Nine months later, the narrator reveals that Howard had been unfaithful to Kiki: “If you’d told Kiki a year ago, Your husband will screw somebody else, you will forgive him, you will stay, she wouldn’t have believed it. You can’t say how these things will feel, or how you will respond, until they happen to you” (43). The use of the second-person “you” also extends an offer of the possibility of empathy to readers. Right afterwards, the narrator tells readers that “Kiki had drawn upon reserves of forgiveness that she didn’t even know she had. But for Jerome, friendless and brooding, it was clear that one week with Victoria Kipps, nine months ago, had expanded in his mind until it now took up all the space in his life” (43). This story, which often takes the close-third-person point of view of different characters at different times, explores deeply the differences in perception and reaction of the two genders. Thus, Kiki’s reserves of forgiveness are juxtaposed with Jerome’s friendless brooding, one example of how one woman and one man react so differently to heartbreak.

This situation is also unique because Jerome did not only fall in love with a girl—he also “had fallen in love with a family” (44). The clear contrast of the two families—explicitly reflected in the title of this section, “Kipps and Belsey”—offers a meditation on whether there is any sort of moral “right” or “wrong.” The Kippses are religious and conservative; the Belseys are non-religious and politically liberal. Jerome, naturally disposed to the former combination of views, has nonetheless been born into the Belsey family, which he must cope with to his best ability. Yet neither of these ideologies or ways of functioning is “correct”; they are simply ways of being a family.

The relation of both genders to sex is also important to the story. At the town festival, the significance of Kiki’s physicality, particularly her large breasts, is noted. While talking there to family friend Warren, the idea of the “sexual universe” is invoked: “when you are no longer in the sexual universe, when you are supposedly too old, or too big, or simply no longer thought of in that way—apparently a whole new range of male reactions to you come into play” (51). Kiki, while sexual, is no longer in the sexual universe. She is also a far cry, physical-appearance-wise, from what she used to be when she first married Howard. The entrance and exit to this abstract “sexual universe” will be relevant to every character, but particularly female ones, these including Kiki and Carlene, and their respective daughters Zora and Victoria. Even Claire Malcolm will be thought of in relation to her sexuality. The idea that women are thought of only in relation to their sexuality is never explicitly stated, but is implied throughout the story.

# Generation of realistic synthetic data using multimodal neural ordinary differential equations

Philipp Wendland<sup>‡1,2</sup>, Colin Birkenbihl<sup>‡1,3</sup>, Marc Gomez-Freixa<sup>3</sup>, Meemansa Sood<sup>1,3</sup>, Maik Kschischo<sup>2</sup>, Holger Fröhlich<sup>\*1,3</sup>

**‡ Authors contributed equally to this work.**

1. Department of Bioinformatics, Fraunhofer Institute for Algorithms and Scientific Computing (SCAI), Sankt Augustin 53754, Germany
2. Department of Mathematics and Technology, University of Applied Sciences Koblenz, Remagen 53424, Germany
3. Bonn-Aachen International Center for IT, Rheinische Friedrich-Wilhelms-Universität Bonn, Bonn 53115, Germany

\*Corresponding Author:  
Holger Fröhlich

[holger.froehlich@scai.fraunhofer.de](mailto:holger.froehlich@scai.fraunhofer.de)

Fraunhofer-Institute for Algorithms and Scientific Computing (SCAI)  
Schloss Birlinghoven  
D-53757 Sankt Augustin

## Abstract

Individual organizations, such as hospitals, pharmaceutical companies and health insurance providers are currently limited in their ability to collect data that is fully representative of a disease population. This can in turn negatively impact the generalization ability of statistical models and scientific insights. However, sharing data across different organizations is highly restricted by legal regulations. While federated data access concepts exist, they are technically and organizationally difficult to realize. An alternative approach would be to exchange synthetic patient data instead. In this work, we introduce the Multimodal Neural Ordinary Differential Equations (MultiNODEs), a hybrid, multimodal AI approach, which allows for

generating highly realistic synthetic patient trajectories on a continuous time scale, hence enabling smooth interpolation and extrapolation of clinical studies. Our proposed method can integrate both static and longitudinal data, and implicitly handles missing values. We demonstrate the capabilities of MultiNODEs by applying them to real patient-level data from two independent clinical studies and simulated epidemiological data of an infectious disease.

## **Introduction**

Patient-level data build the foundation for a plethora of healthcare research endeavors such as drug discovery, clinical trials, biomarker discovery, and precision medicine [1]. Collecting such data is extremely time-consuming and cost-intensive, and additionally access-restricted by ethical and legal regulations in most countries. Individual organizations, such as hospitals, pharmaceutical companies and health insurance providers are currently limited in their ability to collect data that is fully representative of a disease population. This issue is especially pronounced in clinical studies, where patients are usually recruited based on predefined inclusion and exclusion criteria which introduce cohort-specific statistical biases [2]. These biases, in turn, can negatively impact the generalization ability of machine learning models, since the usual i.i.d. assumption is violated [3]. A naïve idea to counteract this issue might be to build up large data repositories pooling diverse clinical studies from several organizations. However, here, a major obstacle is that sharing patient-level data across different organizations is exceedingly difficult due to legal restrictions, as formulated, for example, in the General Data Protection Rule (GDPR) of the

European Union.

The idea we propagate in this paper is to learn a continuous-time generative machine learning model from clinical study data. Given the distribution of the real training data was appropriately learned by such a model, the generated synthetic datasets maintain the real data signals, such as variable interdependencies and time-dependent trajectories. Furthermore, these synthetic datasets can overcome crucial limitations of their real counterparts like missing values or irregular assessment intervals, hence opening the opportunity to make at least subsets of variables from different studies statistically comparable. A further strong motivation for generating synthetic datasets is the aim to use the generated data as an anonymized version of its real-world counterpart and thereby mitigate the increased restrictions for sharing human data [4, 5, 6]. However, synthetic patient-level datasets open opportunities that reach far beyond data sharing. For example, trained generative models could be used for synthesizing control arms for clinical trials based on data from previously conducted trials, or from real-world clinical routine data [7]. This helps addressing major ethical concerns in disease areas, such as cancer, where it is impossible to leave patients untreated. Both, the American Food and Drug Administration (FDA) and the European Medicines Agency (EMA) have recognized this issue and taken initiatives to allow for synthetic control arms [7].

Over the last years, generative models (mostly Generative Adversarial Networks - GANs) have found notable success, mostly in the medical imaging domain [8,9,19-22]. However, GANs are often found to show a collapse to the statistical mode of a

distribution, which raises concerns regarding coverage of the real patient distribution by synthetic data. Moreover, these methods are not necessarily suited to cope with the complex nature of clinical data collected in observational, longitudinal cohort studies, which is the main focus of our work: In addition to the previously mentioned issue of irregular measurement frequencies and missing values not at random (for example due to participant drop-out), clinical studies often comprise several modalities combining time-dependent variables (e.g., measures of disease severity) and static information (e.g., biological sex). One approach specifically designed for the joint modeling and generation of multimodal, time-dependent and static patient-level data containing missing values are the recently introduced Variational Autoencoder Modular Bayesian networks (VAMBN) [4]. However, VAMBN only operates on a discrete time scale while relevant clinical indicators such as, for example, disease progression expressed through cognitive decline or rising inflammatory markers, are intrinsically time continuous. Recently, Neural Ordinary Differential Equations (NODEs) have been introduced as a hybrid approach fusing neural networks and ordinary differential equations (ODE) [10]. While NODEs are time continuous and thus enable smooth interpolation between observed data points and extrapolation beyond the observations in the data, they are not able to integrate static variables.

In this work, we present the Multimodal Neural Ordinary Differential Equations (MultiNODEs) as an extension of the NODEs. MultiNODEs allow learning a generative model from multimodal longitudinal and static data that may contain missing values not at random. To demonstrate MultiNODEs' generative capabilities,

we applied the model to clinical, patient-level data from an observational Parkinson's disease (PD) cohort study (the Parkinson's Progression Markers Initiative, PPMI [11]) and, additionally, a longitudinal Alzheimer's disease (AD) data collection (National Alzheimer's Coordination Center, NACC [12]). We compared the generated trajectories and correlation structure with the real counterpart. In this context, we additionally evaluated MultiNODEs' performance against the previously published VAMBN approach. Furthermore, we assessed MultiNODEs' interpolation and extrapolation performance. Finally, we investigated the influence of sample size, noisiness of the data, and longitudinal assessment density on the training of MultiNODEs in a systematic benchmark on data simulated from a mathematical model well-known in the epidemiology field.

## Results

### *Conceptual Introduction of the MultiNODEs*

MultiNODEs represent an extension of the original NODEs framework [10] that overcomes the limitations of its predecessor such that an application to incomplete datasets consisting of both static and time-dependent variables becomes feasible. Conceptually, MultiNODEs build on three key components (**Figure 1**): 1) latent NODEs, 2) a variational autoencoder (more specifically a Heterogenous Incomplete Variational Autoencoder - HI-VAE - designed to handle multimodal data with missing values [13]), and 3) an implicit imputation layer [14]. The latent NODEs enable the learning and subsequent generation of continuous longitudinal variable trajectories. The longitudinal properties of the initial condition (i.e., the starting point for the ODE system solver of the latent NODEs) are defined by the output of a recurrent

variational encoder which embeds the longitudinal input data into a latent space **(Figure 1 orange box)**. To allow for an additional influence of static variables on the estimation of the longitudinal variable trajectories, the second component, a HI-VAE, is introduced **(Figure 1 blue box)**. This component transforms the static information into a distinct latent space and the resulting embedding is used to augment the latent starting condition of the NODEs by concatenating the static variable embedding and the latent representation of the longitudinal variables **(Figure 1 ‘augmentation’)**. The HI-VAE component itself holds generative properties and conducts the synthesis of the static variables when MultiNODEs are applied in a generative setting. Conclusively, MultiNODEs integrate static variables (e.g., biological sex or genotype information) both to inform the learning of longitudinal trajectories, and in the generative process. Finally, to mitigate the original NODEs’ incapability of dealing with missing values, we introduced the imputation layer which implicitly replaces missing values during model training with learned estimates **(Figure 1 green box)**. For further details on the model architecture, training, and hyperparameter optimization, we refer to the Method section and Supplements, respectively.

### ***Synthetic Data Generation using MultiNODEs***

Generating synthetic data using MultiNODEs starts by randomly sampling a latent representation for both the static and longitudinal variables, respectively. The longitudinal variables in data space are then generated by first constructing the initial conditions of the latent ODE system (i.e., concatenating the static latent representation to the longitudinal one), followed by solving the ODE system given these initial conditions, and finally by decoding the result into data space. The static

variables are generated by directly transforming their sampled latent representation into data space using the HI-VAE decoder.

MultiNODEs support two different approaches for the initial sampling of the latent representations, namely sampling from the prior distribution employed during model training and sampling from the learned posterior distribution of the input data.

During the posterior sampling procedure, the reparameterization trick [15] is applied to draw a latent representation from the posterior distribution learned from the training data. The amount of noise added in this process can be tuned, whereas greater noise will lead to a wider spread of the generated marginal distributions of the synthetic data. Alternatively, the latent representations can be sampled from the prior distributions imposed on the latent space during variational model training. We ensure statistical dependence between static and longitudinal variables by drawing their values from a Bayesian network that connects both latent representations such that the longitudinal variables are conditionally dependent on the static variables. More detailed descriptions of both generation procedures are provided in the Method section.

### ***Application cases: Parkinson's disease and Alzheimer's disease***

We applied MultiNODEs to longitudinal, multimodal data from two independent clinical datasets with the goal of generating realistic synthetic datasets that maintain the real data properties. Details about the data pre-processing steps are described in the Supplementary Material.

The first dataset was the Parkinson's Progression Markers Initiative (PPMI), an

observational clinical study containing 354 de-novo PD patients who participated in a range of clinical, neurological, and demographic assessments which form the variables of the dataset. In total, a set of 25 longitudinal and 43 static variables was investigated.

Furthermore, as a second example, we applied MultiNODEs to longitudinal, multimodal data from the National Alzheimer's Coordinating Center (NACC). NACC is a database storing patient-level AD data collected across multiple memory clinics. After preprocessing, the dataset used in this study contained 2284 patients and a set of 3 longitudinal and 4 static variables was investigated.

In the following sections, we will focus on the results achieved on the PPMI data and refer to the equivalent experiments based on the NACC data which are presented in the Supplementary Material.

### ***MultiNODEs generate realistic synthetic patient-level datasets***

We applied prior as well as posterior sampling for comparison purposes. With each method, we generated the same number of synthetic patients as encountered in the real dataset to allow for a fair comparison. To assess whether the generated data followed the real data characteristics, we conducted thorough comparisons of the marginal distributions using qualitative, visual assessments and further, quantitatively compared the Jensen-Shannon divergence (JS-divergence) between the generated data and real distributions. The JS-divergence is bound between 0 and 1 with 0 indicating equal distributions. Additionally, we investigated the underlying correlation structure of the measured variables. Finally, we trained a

Claire Malcolm is set up as an almost physical opposite to Kiki: short, white and thin, “physically prepubescent…made with the minimum of material” (51). After Claire and Warren reveal the information about Monty Kippses’ imminent arrival at Wellington, Jerome is furious and upset. He rhetorically asks his mother if he is just meant to sit around “like an asshole—pretend nothing happened, is that it?” to which his mother responds: “No, it means we’ll deal with it politely as a family who—” (59). “Asshole” seems juxtaposed to someone who is active: an asshole will passively accept, ignore and/or forgive, and in doing so, cause even more pain. Kiki’s passionate expression is cut short, leaving the word “family” at the end even more naked and painful, since the Belsey family cannot even deal with their own intrafamilial issues in a polite way.

When the Belseys head to the Mozart concert, Levi tells his family about what it means to be “street,” saying that places like Boston and Wellington “ain’t America. You think this is America? This is toy-town. I was born in this country—trust me. You go into Roxbury, you go into the Bronx, you see America. That’s street” (63). Levi’s ironic, even humorous, personal beliefs that he, the son of an art history professor in the suburbs, is part of “street” culture, are met by his sister’s equally biting commentary. Zora says, “Levi, you don’t live in Roxbury…You live in Wellington…You’ve got your name ironed into your underwear” and also, “in Levi’s sad little world if you’re a Negro you have some kind of mysterious holy communion with sidewalks and corners” (63). Zora’s sarcastic and humorous rebuttals to her brother’s stunted ideas of “blackness” are, in fact, remarkable in how they parse derivative pathways of American “blackness.” Even though the Belsey children are half-white, by virtue of having a black mother they are African-American, and they are black, albeit light-skinned. Furthermore, understanding what it means to “be black,” especially in America, requires recognizing the “street” culture in traditionally poorer neighborhoods like Roxbury or the Bronx. Levi’s opting to “go this path” of blackhood is not active rejection of his father’s lofty academic life, or even of Jerome’s intellectual pursuits, but in many ways is a rejection all the same. However, he finds it extremely difficult to reconcile his own suburban world with the “real blackness” he finds on the city streets.